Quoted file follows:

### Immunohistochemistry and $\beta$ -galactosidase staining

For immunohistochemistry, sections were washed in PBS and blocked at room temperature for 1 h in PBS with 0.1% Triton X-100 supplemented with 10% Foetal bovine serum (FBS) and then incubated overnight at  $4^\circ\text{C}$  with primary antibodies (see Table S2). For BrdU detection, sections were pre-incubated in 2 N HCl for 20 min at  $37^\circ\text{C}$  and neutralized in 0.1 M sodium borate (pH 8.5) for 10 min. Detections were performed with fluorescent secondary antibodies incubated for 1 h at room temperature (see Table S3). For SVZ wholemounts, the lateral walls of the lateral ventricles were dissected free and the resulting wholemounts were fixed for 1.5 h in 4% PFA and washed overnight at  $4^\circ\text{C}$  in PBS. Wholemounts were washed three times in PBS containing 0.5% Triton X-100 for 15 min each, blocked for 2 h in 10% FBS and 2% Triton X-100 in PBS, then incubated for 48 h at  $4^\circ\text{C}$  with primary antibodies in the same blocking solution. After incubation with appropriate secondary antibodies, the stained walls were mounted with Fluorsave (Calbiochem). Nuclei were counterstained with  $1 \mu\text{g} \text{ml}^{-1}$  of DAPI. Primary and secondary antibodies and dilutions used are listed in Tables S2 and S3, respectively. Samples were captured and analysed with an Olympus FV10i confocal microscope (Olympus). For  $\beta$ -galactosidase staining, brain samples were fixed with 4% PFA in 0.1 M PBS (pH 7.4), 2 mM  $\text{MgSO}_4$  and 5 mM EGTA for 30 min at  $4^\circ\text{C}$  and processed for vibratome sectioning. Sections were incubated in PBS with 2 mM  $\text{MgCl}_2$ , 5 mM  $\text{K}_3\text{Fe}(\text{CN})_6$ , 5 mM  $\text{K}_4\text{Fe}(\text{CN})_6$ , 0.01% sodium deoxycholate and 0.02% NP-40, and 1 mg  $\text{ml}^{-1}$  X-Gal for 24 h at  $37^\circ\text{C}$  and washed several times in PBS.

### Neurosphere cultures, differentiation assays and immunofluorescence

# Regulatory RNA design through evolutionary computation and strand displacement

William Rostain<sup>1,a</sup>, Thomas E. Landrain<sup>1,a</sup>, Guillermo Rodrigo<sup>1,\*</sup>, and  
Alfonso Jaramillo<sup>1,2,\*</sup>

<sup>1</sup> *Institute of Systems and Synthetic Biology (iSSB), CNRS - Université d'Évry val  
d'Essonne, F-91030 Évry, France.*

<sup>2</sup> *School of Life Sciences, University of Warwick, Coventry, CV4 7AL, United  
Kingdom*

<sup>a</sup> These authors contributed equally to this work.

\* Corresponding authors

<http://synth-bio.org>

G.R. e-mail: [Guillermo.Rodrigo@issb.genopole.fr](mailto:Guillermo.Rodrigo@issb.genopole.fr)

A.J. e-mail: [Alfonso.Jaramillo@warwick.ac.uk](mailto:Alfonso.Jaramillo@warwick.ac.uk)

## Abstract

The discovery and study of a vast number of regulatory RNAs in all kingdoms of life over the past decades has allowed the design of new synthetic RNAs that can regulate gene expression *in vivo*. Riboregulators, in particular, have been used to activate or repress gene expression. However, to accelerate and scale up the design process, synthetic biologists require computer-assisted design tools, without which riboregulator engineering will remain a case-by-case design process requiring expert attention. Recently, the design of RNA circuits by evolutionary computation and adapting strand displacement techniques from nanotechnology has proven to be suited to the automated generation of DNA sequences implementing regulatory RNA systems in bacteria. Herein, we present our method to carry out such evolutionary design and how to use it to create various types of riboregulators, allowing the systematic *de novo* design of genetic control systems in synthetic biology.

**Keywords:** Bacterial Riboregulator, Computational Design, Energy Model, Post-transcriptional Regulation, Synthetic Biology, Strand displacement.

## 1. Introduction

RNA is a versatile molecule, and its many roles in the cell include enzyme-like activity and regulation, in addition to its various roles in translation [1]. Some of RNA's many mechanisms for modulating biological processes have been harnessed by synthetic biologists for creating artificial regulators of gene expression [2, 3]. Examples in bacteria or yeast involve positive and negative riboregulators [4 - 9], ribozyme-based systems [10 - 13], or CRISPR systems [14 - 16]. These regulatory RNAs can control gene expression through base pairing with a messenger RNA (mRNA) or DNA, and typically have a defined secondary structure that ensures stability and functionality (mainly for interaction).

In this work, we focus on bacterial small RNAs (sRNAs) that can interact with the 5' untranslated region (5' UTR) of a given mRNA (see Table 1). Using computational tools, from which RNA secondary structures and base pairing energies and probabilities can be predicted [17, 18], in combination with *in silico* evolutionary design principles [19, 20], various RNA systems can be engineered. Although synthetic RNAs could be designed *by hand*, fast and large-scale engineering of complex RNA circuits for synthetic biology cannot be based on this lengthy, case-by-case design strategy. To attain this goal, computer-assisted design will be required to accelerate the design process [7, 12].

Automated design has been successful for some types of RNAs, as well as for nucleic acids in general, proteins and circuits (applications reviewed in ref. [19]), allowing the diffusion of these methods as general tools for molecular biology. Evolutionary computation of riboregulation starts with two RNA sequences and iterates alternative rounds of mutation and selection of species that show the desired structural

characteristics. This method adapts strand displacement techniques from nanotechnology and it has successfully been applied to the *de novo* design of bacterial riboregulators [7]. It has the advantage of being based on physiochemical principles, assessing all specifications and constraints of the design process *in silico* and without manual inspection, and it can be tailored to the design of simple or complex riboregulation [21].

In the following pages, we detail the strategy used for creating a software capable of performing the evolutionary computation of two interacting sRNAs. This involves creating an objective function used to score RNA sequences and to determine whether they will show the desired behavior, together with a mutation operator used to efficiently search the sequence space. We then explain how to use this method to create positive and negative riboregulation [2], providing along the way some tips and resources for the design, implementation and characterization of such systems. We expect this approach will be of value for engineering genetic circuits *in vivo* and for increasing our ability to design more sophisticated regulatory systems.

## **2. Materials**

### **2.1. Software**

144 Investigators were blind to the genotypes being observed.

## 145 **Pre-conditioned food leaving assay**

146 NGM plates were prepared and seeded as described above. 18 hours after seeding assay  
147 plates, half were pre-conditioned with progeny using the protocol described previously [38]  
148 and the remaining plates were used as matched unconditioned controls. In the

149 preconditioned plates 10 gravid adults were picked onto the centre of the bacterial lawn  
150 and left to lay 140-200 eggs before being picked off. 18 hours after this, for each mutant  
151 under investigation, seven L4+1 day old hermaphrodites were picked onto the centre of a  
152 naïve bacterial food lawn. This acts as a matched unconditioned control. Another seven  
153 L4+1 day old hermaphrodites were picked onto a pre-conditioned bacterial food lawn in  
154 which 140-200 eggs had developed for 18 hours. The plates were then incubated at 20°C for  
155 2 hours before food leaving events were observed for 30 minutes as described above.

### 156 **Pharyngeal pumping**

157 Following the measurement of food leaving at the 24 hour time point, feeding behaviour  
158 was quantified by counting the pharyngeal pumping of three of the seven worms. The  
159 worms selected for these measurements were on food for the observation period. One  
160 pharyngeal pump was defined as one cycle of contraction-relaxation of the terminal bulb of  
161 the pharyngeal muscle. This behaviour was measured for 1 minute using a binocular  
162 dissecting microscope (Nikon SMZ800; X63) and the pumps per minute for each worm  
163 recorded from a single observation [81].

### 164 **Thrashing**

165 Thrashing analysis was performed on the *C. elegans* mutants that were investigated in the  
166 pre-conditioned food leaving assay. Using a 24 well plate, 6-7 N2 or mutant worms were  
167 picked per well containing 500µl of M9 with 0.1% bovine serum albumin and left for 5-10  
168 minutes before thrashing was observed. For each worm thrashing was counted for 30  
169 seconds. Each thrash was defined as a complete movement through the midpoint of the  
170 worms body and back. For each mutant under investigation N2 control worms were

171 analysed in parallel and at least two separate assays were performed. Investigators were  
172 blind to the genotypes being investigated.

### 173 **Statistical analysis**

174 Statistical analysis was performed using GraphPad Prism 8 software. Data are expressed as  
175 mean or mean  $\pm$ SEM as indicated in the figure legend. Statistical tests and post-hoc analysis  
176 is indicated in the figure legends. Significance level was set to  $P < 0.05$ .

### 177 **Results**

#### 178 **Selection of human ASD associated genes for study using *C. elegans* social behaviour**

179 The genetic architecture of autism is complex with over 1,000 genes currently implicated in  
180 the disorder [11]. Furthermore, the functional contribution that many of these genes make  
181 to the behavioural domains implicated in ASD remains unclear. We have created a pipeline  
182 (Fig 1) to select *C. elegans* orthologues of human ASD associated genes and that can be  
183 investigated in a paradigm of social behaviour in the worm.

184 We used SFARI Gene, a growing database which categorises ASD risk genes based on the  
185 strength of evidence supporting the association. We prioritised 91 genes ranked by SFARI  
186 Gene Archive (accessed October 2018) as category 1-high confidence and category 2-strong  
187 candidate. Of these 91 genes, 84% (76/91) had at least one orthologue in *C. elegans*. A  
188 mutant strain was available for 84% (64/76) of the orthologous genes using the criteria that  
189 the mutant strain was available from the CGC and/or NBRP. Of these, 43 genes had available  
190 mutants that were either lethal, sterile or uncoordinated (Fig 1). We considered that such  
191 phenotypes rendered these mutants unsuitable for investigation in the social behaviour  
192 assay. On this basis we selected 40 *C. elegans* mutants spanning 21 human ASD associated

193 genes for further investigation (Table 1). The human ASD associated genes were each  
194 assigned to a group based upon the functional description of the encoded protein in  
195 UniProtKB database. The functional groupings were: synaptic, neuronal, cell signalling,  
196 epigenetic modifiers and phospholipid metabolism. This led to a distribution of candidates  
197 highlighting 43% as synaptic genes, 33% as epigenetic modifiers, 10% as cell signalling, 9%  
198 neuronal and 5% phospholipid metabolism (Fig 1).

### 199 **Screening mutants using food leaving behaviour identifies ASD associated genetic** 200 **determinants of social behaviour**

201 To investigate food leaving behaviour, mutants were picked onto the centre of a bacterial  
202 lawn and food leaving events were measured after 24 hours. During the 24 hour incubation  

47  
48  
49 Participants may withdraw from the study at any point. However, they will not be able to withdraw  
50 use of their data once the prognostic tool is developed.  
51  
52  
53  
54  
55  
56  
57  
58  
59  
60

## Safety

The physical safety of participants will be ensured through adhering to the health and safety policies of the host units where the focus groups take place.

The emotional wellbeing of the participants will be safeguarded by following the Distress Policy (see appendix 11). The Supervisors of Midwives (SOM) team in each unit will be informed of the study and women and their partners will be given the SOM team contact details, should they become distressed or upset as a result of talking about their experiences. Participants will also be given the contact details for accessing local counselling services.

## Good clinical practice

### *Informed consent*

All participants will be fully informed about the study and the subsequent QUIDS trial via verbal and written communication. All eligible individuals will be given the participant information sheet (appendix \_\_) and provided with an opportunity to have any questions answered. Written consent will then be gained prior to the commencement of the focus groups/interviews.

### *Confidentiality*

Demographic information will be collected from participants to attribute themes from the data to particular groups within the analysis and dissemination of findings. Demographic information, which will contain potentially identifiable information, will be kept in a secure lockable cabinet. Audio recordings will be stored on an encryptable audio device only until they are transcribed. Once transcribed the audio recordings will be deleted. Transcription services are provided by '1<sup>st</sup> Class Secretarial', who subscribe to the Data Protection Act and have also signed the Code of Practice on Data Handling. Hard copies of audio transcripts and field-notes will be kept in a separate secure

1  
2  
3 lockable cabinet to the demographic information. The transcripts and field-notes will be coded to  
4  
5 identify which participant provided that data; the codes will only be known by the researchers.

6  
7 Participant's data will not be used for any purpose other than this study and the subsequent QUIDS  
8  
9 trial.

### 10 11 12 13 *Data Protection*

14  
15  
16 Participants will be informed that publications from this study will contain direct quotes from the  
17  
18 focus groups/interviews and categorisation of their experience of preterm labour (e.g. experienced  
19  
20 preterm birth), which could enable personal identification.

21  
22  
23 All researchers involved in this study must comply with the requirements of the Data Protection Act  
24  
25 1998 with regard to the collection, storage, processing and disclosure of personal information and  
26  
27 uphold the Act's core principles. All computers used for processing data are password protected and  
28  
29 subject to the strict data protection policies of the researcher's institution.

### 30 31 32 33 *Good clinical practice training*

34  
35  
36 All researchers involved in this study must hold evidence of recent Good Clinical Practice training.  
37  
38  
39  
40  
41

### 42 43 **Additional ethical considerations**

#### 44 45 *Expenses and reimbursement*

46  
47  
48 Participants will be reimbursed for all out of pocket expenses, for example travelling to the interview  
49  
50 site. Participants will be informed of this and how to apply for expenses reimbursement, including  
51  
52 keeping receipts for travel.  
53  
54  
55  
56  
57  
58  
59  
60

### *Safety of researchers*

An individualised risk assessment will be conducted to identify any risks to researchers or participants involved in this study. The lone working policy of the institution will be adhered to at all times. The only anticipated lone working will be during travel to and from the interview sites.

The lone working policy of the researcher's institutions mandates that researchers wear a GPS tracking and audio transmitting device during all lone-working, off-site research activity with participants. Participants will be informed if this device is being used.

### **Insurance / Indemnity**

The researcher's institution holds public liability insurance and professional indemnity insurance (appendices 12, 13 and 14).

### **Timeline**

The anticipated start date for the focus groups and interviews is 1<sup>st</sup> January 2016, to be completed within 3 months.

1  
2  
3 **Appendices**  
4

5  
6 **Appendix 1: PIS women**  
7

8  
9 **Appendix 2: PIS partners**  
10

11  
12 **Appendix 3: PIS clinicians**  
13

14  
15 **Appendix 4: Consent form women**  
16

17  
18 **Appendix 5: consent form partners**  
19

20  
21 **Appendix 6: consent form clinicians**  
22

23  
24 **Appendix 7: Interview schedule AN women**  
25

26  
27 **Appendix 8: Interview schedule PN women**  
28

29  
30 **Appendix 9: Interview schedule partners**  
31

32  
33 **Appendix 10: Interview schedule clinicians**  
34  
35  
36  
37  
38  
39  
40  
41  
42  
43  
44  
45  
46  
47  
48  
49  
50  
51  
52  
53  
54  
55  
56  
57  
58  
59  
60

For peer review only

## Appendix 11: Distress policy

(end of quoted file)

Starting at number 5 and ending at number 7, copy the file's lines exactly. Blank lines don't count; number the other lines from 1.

William Rostain<sup>1,a</sup>, Thomas E. Landrain<sup>1,a</sup>, Guillermo Rodrigo<sup>1,\*</sup>, and  
Alfonso Jaramillo<sup>1,2,\*</sup>

<sup>1</sup> *Institute of Systems and Synthetic Biology (iSSB), CNRS - Université d'Évry val  